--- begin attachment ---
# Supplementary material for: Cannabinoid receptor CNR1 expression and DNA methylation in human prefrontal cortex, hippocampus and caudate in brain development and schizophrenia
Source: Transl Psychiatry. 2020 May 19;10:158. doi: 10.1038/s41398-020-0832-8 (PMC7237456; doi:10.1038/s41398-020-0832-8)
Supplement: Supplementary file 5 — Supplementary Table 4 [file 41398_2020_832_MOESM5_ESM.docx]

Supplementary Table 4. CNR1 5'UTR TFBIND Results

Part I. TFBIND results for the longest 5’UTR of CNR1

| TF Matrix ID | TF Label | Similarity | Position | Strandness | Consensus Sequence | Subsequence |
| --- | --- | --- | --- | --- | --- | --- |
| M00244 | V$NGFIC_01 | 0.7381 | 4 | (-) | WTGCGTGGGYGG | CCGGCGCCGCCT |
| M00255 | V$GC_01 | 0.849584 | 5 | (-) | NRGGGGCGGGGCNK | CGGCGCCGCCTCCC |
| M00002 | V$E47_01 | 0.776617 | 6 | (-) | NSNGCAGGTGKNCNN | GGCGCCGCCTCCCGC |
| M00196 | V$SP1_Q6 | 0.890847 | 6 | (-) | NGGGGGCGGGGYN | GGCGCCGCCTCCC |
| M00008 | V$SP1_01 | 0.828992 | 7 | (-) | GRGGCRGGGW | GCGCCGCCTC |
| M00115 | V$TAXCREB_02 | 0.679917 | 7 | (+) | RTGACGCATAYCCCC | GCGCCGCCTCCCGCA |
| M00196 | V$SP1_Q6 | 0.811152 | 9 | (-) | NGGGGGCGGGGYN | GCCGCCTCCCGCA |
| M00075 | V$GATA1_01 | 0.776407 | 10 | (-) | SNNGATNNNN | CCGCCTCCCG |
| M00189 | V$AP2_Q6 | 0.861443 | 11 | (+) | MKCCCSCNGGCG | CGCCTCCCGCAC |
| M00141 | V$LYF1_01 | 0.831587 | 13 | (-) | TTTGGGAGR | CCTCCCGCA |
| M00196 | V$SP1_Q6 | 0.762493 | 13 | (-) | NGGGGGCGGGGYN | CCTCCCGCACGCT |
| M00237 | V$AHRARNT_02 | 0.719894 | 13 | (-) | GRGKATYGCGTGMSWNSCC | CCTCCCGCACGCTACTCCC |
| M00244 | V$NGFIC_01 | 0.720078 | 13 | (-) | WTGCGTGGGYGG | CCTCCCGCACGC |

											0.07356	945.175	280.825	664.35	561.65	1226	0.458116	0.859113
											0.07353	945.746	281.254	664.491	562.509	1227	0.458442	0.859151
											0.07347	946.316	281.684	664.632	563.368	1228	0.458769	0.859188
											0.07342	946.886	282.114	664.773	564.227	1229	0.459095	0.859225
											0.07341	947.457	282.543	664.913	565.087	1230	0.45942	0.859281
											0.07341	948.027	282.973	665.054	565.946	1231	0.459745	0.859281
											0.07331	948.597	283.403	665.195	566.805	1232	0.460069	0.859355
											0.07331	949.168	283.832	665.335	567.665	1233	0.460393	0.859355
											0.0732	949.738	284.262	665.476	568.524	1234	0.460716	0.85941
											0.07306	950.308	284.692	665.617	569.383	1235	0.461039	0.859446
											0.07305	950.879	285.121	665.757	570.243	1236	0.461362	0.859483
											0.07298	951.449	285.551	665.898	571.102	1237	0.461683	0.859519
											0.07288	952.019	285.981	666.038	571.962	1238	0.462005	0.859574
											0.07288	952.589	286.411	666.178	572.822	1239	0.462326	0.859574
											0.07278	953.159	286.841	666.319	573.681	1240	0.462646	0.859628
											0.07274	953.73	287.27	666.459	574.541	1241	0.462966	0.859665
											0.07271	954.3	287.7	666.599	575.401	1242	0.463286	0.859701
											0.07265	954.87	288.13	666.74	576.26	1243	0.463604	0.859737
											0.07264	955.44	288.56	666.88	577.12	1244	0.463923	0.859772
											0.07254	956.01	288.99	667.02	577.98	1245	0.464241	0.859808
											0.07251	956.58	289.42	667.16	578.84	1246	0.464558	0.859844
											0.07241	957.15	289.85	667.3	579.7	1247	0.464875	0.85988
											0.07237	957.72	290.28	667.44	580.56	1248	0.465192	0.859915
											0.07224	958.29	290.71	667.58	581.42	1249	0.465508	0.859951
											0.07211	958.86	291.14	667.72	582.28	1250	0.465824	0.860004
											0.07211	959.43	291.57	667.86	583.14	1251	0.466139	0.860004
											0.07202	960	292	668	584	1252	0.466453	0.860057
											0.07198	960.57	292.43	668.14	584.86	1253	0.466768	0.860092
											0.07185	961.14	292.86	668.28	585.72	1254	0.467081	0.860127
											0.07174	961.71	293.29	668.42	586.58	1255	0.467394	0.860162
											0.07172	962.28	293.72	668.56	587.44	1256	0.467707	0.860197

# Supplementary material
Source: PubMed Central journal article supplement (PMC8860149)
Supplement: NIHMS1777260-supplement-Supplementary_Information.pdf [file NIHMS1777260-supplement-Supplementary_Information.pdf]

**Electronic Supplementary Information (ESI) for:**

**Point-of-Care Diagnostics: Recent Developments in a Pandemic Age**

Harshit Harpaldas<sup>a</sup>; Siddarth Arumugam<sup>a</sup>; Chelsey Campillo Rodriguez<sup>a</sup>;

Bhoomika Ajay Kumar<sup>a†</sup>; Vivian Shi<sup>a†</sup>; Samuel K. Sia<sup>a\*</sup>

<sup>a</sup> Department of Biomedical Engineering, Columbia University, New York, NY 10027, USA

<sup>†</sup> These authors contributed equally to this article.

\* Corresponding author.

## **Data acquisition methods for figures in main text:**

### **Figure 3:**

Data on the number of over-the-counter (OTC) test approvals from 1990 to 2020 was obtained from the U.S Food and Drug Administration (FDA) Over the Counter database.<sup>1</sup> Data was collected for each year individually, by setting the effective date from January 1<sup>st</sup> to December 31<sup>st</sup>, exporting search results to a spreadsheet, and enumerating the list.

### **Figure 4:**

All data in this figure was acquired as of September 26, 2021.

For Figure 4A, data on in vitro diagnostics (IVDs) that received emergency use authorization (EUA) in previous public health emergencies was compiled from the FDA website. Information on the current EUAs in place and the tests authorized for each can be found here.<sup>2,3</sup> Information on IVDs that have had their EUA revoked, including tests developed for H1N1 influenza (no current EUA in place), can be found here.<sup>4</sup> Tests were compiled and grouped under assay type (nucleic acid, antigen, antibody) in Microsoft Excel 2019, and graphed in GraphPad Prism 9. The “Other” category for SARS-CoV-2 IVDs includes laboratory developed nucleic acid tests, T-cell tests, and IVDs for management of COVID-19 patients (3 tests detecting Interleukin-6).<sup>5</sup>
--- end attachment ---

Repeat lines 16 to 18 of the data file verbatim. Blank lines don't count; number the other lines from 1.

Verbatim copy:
| M00189 | V$AP2_Q6 | 0.861443 | 11 | (+) | MKCCCSCNGGCG | CGCCTCCCGCAC |
| M00141 | V$LYF1_01 | 0.831587 | 13 | (-) | TTTGGGAGR | CCTCCCGCA |
| M00196 | V$SP1_Q6 | 0.762493 | 13 | (-) | NGGGGGCGGGGYN | CCTCCCGCACGCT |